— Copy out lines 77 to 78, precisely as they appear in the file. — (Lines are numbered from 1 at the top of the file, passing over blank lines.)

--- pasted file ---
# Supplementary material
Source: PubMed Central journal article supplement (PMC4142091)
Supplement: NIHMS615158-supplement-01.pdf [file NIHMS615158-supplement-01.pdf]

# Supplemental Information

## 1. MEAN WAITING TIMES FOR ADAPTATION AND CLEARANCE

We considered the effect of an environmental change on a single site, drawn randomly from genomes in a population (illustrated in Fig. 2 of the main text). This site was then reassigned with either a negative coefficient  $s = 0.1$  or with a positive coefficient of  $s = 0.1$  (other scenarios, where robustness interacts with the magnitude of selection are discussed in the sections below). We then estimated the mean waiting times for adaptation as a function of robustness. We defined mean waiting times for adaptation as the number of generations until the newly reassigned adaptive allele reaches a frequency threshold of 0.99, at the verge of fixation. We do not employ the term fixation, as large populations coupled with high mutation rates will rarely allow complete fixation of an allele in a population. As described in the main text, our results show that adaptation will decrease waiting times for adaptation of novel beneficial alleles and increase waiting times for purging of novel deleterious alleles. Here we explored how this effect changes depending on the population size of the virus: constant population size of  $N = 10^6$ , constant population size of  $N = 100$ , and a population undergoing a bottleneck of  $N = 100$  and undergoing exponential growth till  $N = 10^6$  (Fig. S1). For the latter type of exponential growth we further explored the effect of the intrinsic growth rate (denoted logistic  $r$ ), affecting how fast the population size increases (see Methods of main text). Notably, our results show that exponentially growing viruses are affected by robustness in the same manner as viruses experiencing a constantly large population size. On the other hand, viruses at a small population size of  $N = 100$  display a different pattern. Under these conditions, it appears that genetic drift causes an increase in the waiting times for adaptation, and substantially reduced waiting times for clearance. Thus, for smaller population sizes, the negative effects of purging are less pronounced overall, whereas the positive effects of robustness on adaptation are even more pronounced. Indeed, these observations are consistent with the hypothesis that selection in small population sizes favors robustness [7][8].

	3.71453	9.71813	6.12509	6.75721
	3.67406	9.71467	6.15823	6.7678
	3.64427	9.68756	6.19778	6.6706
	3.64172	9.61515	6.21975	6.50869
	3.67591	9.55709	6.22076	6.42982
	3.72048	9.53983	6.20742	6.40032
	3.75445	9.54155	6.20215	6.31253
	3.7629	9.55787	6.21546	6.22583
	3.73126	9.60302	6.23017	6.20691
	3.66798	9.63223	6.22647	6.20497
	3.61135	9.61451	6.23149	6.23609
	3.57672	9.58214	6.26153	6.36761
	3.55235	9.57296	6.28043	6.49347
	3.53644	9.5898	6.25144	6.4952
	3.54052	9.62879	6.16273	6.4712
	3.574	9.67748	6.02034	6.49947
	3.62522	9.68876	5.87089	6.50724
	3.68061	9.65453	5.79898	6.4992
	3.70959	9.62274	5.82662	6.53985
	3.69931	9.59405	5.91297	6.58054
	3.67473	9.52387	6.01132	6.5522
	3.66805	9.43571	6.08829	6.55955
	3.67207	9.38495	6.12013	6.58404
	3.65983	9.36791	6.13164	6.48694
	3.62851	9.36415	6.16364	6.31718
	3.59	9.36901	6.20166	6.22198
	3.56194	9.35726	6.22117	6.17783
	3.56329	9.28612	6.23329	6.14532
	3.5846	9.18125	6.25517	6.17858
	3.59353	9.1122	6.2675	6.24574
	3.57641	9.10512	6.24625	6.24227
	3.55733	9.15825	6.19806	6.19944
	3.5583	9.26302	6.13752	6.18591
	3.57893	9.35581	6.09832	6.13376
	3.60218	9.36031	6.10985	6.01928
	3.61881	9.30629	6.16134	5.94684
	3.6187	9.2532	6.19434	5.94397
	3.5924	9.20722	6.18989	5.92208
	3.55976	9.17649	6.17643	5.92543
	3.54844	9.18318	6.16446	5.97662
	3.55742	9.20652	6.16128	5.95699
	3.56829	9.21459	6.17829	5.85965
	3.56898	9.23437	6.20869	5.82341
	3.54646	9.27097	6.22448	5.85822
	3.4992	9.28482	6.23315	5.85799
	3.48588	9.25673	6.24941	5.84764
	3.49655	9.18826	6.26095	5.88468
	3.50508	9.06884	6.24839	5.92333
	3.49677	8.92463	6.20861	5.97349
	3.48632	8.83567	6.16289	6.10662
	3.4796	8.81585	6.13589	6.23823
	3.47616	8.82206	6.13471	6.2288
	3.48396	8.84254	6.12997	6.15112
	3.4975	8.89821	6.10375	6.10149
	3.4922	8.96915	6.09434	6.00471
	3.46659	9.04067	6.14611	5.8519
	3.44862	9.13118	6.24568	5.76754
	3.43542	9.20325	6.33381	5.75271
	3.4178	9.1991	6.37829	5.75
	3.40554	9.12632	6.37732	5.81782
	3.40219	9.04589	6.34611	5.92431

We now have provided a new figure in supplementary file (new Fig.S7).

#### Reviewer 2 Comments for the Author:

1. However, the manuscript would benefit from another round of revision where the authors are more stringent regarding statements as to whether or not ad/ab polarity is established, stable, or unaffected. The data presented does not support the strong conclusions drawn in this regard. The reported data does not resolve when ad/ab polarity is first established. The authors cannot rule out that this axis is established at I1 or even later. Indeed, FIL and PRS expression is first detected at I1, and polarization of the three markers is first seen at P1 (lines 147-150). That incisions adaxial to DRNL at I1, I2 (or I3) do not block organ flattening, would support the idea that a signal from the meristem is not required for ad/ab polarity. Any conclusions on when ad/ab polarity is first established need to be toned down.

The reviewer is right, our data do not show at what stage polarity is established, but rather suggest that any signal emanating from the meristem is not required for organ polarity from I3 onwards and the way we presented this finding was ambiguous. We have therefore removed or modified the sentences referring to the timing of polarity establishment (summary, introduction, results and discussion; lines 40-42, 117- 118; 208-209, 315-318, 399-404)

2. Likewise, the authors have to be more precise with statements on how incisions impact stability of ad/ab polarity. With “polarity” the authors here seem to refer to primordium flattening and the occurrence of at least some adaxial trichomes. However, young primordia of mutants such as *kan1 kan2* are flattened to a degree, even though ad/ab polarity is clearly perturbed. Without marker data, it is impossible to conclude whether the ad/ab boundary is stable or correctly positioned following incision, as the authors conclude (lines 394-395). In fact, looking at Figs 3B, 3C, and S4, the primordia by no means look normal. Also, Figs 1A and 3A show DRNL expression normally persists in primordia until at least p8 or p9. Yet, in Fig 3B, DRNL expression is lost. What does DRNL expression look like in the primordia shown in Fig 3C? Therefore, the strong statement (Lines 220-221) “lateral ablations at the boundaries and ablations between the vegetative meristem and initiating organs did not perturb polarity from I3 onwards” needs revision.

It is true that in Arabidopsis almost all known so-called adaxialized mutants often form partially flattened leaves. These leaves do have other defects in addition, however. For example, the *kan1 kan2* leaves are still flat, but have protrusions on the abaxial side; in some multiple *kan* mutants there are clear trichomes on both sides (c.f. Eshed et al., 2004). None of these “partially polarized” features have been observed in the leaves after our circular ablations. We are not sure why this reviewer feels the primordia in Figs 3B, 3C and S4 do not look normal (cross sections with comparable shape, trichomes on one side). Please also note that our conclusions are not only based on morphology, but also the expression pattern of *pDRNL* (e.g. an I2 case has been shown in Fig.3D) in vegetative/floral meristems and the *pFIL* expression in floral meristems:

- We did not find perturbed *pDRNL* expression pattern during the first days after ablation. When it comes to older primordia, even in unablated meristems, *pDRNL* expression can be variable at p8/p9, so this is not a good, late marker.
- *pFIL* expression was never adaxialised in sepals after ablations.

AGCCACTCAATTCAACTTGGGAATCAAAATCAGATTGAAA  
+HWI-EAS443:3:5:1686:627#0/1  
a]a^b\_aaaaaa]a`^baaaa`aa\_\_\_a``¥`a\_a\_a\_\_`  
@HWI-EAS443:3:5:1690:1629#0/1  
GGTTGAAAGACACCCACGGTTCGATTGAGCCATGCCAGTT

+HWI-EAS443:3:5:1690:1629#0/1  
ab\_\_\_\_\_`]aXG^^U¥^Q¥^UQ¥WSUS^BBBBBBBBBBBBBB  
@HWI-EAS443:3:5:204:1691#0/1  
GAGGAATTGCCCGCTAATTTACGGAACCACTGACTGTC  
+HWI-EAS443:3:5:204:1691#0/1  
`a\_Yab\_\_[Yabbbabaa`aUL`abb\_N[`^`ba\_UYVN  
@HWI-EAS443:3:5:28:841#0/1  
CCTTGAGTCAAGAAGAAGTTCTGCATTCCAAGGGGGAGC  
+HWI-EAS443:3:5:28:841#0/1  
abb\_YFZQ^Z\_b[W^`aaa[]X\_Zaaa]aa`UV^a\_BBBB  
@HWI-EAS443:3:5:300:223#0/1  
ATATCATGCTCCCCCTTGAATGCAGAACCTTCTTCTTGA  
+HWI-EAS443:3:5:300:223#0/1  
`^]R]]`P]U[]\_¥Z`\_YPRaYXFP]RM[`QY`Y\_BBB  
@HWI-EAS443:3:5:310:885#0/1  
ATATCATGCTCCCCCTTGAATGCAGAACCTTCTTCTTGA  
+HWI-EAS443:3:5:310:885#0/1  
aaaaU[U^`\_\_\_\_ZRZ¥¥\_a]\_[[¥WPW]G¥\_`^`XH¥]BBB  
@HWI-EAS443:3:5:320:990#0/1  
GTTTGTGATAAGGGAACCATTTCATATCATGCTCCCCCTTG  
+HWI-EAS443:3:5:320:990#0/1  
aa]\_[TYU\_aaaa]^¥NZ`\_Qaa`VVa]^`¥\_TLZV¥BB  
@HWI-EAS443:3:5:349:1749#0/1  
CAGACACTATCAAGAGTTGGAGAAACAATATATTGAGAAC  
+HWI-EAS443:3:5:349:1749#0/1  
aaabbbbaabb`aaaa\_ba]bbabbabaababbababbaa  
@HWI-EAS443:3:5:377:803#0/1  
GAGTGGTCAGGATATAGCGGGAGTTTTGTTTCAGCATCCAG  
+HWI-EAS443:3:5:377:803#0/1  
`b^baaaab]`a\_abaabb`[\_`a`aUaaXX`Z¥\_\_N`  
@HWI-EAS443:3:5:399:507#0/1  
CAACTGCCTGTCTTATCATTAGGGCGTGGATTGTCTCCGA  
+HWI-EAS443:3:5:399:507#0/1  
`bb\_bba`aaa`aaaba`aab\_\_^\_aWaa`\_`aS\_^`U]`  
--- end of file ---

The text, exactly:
+HWI-EAS443:3:5:1686:627#0/1  
a]a^b\_aaaaaa]a`^baaaa`aa\_\_\_a``¥`a\_a\_a\_\_`  